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Duflo, Esther. Field Experiments in Development Economics
2006, Advances in Economics and Econometrics: Theory and Applications, Ninth World Congress (Econometric Society Monographs), R. Blundell, W. Newey, & T. Persson (eds.), 322-348
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Added by: Björn Freter

Abstract: There is a long tradition in development economics of collecting original data to test specific hypotheses. Over the last 10 years, this tradition has merged with an expertise in setting up randomized field experiments, resulting in an increasingly large number of studies where an original experiment has been set up to test economic theories and hypotheses. This paper extracts some substantive and methodological lessons from such studies in three domains: incentives, social learning, and time-inconsistent preferences. The paper argues that we need both to continue testing existing theories and to start thinking of how the theories may be adapted to make sense of the field experiment results, many of which are starting to challenge them. This new framework could then guide a new round of experiments.

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Smith, Subrena. Organisms as Persisters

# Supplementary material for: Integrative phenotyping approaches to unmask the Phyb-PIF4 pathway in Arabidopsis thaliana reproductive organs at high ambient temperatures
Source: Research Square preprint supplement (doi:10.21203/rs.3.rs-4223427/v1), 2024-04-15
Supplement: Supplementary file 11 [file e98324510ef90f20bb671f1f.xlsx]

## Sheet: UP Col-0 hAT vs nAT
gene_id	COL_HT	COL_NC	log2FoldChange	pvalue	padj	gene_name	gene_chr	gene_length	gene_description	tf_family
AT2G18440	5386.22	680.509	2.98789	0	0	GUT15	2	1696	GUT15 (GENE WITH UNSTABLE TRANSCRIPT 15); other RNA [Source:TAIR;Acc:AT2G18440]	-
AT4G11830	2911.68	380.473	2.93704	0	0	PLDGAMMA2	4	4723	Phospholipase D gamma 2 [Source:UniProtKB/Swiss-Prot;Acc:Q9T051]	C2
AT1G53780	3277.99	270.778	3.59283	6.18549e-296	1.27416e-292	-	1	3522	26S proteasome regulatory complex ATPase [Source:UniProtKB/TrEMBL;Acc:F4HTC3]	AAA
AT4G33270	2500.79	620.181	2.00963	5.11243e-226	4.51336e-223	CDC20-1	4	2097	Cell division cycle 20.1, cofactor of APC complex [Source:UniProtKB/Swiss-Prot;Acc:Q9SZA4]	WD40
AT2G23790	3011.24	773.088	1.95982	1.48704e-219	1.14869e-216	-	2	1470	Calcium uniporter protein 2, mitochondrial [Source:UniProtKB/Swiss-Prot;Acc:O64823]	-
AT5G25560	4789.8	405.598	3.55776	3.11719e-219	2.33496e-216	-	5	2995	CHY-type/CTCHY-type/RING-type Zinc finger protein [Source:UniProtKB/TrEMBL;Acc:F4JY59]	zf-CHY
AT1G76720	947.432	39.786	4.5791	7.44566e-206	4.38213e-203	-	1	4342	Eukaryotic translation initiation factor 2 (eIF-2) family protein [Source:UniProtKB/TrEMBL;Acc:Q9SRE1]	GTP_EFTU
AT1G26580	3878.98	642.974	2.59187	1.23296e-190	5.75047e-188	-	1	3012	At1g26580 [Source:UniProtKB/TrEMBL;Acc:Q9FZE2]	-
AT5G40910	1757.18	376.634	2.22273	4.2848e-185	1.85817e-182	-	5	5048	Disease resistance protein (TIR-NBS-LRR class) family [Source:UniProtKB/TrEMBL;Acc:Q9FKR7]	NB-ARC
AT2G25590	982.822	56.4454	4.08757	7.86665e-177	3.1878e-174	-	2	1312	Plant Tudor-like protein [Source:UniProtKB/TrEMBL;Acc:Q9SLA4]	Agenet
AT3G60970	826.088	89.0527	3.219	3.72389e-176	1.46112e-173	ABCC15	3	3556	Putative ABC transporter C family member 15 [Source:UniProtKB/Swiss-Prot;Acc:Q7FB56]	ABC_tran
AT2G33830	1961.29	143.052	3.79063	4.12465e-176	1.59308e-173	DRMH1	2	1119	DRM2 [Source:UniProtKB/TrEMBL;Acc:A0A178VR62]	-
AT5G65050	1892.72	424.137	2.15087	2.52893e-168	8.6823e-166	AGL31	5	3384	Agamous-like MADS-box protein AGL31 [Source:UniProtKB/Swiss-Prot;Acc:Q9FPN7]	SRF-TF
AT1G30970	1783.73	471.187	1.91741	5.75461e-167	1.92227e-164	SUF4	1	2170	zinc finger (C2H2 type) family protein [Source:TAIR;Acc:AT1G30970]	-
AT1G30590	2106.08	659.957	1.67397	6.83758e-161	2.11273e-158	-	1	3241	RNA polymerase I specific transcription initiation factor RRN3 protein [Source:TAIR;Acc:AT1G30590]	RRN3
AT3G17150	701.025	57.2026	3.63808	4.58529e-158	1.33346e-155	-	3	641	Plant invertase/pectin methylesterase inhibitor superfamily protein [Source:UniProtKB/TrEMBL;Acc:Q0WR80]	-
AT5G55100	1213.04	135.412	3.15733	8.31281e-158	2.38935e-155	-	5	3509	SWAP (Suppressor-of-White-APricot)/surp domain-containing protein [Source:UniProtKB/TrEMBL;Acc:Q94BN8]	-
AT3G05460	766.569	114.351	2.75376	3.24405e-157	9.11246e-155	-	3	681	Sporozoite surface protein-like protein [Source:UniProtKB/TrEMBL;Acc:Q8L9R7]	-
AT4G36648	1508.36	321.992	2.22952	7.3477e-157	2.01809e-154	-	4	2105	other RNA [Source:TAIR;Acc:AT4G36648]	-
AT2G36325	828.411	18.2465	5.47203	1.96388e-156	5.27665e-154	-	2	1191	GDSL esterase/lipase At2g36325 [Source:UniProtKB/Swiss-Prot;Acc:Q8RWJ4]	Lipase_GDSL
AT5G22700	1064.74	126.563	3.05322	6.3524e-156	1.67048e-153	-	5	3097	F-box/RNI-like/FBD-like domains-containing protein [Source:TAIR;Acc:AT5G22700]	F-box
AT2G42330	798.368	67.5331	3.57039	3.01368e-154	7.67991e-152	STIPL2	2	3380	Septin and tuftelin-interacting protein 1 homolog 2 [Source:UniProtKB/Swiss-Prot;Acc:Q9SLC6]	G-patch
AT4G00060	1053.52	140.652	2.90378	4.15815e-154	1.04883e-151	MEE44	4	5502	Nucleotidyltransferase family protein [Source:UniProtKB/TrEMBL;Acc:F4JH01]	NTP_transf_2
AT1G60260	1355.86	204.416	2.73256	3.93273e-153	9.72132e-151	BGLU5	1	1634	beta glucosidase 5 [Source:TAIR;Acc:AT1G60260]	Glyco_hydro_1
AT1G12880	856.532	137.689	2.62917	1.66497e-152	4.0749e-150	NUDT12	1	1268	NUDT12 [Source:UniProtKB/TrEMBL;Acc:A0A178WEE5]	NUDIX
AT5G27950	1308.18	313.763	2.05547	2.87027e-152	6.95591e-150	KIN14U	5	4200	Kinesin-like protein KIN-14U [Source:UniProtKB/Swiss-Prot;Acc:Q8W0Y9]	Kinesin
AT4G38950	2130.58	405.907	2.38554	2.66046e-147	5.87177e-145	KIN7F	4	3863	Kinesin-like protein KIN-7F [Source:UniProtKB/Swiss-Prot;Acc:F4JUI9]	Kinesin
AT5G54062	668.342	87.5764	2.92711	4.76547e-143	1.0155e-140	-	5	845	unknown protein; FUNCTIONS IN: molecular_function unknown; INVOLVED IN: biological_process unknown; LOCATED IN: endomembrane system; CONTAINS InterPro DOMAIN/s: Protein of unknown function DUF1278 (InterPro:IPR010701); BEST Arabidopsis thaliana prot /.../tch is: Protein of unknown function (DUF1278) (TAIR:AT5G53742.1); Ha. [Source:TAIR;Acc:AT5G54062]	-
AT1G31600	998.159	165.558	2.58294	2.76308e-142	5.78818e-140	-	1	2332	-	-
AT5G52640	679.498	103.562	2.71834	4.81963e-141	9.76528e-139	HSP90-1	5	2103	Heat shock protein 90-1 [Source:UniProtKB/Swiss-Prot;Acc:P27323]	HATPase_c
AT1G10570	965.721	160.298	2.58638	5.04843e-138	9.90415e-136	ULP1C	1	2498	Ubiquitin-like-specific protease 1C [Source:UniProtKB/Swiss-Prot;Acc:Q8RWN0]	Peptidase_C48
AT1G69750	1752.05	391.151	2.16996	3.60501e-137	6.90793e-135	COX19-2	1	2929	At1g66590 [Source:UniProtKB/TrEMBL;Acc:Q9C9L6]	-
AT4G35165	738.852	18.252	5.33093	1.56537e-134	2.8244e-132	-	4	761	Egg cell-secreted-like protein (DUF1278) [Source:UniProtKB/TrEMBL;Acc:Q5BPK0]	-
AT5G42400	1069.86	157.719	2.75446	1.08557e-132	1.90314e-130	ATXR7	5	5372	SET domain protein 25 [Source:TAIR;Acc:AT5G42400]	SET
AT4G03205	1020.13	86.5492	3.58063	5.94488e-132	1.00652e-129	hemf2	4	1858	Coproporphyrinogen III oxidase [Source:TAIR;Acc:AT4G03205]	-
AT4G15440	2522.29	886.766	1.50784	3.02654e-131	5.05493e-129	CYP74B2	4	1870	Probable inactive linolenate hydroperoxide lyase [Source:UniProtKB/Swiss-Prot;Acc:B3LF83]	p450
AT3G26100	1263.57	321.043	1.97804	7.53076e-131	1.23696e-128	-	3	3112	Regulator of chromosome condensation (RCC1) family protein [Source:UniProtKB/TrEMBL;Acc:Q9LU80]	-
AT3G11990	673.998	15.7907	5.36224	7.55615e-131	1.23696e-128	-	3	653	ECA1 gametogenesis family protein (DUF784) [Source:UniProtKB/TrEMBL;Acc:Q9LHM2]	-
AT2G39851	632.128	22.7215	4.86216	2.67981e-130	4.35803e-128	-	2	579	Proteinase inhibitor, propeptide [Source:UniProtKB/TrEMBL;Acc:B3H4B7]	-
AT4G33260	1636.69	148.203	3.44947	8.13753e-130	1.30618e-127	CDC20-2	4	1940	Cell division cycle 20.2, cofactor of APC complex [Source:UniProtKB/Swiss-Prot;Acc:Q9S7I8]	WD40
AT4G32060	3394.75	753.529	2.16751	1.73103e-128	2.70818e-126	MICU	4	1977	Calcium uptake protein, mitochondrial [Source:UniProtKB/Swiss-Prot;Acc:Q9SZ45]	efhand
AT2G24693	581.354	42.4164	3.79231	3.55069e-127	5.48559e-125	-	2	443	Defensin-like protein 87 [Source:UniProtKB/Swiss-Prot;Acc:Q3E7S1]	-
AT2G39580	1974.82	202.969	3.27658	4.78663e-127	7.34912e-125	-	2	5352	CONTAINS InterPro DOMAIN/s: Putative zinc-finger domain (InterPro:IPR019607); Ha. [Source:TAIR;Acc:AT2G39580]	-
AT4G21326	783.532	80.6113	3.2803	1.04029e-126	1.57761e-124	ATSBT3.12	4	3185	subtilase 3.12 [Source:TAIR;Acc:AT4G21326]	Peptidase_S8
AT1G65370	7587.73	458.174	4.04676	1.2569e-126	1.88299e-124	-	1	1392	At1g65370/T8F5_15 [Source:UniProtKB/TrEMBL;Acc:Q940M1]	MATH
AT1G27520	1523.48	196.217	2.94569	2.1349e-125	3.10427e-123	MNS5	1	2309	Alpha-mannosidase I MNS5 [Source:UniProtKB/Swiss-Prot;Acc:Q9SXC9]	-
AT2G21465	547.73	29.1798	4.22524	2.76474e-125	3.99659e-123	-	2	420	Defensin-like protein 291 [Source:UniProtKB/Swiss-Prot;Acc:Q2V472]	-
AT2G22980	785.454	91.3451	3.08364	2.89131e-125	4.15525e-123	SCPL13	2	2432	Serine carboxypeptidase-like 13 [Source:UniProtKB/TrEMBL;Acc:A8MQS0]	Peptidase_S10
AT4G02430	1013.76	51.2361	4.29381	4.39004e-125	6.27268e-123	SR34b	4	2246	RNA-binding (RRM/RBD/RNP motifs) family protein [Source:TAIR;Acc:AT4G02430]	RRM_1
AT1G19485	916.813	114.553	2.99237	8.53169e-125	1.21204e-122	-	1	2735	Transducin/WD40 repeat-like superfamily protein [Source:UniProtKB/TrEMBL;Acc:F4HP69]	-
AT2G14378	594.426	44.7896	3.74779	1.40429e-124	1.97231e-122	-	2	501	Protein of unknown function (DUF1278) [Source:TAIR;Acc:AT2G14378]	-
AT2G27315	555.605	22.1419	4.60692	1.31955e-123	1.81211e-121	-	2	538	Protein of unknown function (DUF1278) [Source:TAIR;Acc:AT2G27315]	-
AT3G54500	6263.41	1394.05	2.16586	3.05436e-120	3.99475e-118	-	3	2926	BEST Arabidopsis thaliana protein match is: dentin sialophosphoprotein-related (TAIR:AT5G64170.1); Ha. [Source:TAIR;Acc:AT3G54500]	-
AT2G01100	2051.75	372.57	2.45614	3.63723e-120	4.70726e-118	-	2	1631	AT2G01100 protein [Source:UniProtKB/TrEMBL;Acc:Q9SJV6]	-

, Philosophy, Theory, and Practice in Biology 9 (14)
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Added by: Simon Fokt

Abstract: This paper addresses the question of what organisms are and therefore what kinds of biological entities qualify as organisms. For some time now, the concept of organismality has been eclipsed by the notion of individuality. Biological individuals are those systems that are units of selection. I develop a conception of organismality that does not rely on evolutionary considerations, but instead draws on development and ecology. On this account, organismality and individuality can come apart. Organisms, in my view, are as Godfrey-Smith puts it “essentially persisters.” I argue that persistence is underpinned by differentiation, integration, development, and the constitutive embeddedness of organisms in their worlds. I examine two marginal cases, the Portuguese Man O’ War and the honey bee colony, and show that both count as organisms in light of my analysis. Next, I examine the case of holobionts, hosts plus their microsymbionts, and argue that they can be counted as organisms even though they may not be biological individuals. Finally, I consider the question of whether other, less tightly integrated biological systems might also be treated as organisms.

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